In my early years, I was tempted to believe that prayers must be long, drawn-out and intense in order to be effective. I put a lot of pressure on myself. I even tried a 10-day fast.
But as I grew spiritually, I discovered that prayers are sometimes answered quickly, even if they are short. Once I stood in my front yard during a bad storm and asked God to divert a tornado. I didn’t have time to pray for hours. I later learned that the twister had jumped over our neighborhood, and we were spared.
A few weeks ago, I had a $15,000 need for one of my overseas missions projects. The day I prayed about it, someone from Texas called me and said she wanted to give half of the amount needed. Two days later, a person I hadn’t talked to in more than 30 years called and said he wanted to give the other half.
I was reminded of Psalm 138:3, which says: “On the day I called, You answered me.”
God’s Word is full of short prayers. Moses prayed the shortest prayer in the Old Testament when his sister Miriam was struck with leprosy. He prayed: “O God, heal her, I pray!” (Num. 12:13). The apostle Peter wins the prize for the shortest prayer in the entire Bible. When he was sinking in the waves on the Sea of Galilee, He cried out to Jesus: “Lord, save me!” (Matt. 14:30)—and then he and Jesus walked back to the boat on the water.
When I consider the apostle Paul, who is surely the New Testament authority on powerful prayer, I see that he not only fasted and travailed in prayer for hours, but he also offered God many short requests. I don’t know if he kept a prayer list scribbled on parchment, but he knew the power of “mentioning” his requests to God.
He told the Ephesians: “For this reason I … do not cease giving thanks for you, while making mention of you in my prayers” (Eph. 1:15-16b, ESV). He told the Thessalonians: “We give thanks to God always for all of you, constantly mentioning you in our prayers” (1 Thess. 1:2). And he wrote to Philemon: “I thank my God always, making mention of you in my prayers” (Philem. 1:4, NASB).
Short prayers are powerful. The average psalm takes only a minute or two to recite, and Psalm 117—the shortest psalm—only takes nine seconds to say. Jabez’s prayer is even shorter: “Oh that You would bless me indeed and enlarge my border, and that Your hand might be with me, and that You would keep me from harm that it may not pain me!” (1 Chron. 4:10a).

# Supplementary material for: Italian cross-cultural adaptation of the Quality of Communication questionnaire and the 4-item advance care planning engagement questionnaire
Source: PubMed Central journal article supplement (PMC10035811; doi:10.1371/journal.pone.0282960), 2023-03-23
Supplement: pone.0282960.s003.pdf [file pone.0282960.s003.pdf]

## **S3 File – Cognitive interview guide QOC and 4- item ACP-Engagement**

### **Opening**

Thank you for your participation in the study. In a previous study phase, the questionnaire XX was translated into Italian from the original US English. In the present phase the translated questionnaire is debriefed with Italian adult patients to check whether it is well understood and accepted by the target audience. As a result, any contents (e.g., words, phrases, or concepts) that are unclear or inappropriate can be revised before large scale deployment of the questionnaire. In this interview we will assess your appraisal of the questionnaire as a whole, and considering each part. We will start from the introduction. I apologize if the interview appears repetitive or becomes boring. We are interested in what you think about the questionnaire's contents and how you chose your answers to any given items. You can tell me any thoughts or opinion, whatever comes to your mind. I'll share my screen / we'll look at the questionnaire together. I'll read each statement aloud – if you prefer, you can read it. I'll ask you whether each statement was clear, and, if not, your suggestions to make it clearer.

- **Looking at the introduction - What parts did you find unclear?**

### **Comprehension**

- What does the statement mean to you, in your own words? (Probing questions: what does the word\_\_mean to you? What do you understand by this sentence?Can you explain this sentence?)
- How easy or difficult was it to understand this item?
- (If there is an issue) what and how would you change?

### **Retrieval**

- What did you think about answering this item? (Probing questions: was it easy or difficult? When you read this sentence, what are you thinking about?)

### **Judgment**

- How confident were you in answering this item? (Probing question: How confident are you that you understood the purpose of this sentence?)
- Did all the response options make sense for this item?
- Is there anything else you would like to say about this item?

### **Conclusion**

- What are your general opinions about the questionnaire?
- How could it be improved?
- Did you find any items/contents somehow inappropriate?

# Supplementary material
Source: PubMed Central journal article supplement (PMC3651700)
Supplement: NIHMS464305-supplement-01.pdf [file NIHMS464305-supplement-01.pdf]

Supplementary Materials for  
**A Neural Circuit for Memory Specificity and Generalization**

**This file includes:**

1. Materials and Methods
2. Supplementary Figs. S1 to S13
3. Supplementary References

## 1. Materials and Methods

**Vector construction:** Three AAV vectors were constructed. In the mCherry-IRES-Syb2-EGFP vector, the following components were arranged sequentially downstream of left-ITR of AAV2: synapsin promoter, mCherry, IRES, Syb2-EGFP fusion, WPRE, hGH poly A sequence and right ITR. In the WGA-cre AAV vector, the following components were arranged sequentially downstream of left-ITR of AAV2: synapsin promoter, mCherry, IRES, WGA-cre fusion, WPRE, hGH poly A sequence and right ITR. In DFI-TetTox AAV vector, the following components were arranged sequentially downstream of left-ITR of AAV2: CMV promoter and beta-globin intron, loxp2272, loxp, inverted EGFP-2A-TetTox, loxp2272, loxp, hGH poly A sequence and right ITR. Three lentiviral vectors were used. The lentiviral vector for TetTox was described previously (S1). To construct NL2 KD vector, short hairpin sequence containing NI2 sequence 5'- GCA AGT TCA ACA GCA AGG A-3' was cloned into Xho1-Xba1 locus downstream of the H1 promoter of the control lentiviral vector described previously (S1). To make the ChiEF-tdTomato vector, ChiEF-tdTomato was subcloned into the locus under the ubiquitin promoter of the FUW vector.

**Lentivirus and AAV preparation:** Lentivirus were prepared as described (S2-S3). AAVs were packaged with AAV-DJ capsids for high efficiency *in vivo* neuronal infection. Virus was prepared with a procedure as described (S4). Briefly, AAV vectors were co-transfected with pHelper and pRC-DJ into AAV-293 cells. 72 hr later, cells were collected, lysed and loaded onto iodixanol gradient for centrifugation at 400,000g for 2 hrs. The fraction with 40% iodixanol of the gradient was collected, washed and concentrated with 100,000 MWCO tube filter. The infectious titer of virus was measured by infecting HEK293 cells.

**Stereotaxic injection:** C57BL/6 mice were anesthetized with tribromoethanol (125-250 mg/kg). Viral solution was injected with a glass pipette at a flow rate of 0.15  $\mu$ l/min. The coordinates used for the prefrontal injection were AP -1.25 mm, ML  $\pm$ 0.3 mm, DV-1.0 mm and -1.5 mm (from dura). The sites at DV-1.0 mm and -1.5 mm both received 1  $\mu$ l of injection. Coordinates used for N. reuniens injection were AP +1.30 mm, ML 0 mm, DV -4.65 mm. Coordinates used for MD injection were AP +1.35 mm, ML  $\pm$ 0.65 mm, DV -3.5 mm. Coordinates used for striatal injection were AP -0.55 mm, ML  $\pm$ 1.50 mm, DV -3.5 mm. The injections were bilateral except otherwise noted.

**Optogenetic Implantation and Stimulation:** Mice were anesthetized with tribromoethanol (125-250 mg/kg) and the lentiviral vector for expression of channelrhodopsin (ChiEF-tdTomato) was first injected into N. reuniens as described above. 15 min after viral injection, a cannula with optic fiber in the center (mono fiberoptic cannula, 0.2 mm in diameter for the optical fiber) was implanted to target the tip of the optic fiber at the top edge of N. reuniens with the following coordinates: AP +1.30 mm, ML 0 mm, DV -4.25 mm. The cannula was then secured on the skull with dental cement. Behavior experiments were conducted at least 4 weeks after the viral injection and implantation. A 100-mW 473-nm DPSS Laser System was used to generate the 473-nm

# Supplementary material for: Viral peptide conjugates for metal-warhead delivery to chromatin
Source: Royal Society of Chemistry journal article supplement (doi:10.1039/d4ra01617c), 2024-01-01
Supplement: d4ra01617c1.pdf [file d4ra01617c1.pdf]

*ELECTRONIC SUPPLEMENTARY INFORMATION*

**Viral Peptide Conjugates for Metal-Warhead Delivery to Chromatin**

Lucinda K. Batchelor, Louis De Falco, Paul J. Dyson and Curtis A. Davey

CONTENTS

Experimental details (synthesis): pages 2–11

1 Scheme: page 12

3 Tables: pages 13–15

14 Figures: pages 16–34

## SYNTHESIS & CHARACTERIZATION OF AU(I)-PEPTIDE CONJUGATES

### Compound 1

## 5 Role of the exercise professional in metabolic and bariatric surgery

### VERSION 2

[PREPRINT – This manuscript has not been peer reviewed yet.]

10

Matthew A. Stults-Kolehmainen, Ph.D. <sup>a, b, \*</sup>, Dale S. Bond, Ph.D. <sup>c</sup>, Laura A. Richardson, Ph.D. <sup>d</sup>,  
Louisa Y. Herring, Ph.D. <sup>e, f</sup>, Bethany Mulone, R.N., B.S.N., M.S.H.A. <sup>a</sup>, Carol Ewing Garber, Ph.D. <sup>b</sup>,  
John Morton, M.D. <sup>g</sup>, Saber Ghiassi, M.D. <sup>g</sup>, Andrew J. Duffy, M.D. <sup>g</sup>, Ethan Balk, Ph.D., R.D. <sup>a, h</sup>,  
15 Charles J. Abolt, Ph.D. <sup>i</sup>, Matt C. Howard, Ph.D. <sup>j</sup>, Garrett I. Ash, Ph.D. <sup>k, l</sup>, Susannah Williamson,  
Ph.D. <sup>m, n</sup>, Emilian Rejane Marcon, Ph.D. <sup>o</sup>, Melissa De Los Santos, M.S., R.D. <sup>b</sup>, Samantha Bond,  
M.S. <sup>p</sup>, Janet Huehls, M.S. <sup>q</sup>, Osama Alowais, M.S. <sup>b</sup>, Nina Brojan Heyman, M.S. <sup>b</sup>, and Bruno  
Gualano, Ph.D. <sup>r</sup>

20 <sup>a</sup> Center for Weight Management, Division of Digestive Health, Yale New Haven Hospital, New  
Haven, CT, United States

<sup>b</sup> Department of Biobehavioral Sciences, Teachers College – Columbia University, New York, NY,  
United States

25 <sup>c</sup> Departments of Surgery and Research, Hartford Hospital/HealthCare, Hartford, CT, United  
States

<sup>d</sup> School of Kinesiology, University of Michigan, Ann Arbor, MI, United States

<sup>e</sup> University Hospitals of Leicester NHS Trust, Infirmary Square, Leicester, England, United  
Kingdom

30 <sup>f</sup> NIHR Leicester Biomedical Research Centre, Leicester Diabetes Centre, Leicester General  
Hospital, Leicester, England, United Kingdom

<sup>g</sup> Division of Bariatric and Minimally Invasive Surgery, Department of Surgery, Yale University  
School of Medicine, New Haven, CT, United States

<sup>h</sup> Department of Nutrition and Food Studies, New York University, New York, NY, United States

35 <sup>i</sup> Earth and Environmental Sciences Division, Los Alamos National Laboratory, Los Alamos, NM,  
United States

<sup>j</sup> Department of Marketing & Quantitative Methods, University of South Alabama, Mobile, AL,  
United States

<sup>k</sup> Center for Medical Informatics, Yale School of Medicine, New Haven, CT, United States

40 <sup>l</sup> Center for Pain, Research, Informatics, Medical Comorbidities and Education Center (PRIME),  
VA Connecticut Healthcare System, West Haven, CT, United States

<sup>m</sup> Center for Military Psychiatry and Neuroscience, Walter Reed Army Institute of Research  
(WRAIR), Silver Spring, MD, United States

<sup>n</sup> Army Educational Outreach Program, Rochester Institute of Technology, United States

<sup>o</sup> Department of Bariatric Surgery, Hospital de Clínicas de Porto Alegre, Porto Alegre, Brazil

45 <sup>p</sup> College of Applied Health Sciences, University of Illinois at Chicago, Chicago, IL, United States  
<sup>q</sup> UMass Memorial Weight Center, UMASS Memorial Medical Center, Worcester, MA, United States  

I’m not suggesting it’s wrong to pray for hours. Some situations require patience, perseverance and spiritual warfare—which is why prayer is compared to the anguish of childbirth. But some Christians give up on prayer because they assume God is timing us, or measuring our eloquence. He’s not. He welcomes even the simplest of requests.
The Bible even says he hears our “cries” (see Ps. 18:6). Sometimes a prayer doesn’t even have words! It can actually be an unintelligible groan, or just a simple “Jesus!”
A few years ago, I started the habit of praying for certain people using photos I stored in my smartphone. During my quiet time in the mornings, I scroll through these images and pray for my family, close friends and people I’m mentoring.
Sometimes I stop and pray for these people’s specific needs. At other times I simply say their names, and ask God to bless them and cause them to grow spiritually.” Then I scroll to the next set of photos and mention those names.
I can’t keep track of all the answered prayers that came about because I simply mentioned people in prayer. Some of them found their spouses; some had babies after struggling with infertility; others got their U.S. citizenship; others found jobs. And some of them were healed of various physical problems. (Right now I’m praying for one friend, Gary, who needs healing from migraine headaches. Please mention his name in your prayers!)
Don’t make prayer complicated. Jesus simply invites us to share our needs with Him, and He delights in answering us. When the apostle Paul invited us to “pray without ceasing” (1 Thess. 5:17) he was calling us to enjoy a daily conversation with God. Prayer should be a joyful habit, not an exhausting burden. I hope you lose count of the miraculous answers you receive.
J. Lee Grady was editor of Charisma for 11 years and now serves as senior contributing editor. He directs the Mordecai Project (themordecaiproject.org), an international ministry that protects women and girls from gender-based violence. His latest books are “Follow Me” and “Let’s Go Deeper”(Charisma House).